Know the Structure of Education from Early Years to Post-Compulsory Education

Since 2004 all children in the UK aged three and four years old have been entitled to free places at nursery or another preschool setting. The free entitlement provides universal access to early childhood education, ensuring that all children have the opportunity to benefit from early years education. The extended hours also help parents who wish to go back to work.

The characteristics of the different types of school in relation to educational stages and school governance are as follows;
  * Community Schools
These are run by the Local Authority. The local education authority employs the schools staff. They own the building, and the land, and deal with the budget and appoint or dismiss staff.
  * Foundation and Trust Schools
Foundation Schools are run by their own governing body which determines the admissions policy in consultation with the local education.
The governors employ the staff and they own the land and buildings. A trust school, although a type of foundation school, will form a charitable trust with an outside partner, such as a business. The school will have to buy in any support services. The decision to become a trust school will be made by the governing body in consultation with parents.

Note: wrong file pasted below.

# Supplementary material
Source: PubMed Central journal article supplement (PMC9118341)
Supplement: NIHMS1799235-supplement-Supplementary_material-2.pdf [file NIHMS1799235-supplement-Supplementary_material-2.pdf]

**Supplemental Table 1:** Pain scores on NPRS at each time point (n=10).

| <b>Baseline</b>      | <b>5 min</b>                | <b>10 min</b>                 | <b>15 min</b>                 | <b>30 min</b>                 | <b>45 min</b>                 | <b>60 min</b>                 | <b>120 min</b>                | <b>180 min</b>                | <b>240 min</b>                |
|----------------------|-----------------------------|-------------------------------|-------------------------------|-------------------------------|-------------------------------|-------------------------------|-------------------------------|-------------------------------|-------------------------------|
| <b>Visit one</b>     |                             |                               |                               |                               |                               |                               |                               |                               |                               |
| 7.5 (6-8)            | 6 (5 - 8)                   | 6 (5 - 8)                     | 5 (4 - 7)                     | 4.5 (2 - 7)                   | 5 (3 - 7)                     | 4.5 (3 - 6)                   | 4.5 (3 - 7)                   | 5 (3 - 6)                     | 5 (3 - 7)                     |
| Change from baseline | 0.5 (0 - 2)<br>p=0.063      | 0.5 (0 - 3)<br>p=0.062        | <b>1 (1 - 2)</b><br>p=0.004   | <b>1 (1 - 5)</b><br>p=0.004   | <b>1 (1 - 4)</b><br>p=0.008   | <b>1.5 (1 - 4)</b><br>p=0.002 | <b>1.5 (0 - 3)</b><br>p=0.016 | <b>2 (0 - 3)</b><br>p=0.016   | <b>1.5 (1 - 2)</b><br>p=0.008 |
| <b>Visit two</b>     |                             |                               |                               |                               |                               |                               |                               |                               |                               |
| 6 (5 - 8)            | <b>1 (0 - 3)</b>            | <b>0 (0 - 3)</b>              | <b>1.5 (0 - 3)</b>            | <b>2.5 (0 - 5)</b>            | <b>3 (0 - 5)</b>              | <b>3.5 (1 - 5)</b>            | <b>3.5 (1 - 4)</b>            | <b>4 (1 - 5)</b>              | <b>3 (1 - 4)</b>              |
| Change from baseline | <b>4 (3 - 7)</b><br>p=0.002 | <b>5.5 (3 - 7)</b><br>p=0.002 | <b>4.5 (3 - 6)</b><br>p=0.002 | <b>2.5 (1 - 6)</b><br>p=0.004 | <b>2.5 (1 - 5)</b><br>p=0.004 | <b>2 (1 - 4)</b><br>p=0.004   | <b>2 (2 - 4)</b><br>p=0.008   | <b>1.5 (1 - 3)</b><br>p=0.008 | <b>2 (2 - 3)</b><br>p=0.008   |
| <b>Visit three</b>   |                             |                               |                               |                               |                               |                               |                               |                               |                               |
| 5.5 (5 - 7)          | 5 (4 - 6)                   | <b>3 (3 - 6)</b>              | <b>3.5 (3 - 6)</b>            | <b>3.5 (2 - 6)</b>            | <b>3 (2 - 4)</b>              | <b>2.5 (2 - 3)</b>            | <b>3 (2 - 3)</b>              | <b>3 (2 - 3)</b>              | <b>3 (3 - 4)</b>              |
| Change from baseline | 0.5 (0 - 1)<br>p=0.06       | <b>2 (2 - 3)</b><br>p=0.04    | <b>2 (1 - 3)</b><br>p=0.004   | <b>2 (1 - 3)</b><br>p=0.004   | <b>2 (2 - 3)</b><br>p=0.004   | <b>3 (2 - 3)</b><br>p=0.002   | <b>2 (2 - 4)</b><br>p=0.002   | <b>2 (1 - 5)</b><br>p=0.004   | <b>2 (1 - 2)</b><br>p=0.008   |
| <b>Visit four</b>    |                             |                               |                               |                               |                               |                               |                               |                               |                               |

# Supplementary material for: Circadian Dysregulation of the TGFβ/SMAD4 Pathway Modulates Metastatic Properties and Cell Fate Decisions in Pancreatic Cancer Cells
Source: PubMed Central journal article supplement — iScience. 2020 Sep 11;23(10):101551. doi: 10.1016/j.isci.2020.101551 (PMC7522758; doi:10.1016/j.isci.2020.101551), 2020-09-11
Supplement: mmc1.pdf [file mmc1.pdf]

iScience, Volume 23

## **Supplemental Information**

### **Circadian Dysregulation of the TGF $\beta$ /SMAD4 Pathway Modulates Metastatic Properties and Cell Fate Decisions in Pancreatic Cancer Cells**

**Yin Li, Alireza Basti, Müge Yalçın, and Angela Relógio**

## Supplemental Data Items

* Voluntary Schools
These are mainly religious or faith schools. The have their own governing body whom employ the staff. The church owns the building and the land. They are responsible for their own budget; usually these schools are Church of England or Catholic Schools.
  * Specialist Schools
These are usually secondary schools which can apply for specialist status to develop one or two subject specialisms. They receive additional government funding for doing this.
  * Independent Schools
Independent schools are funded by fees paid by parents and income from investments, gifts and charitable endowments. Most have charitable status which means they can claim tax redemption.
  * Academies
Academies have close links with the local...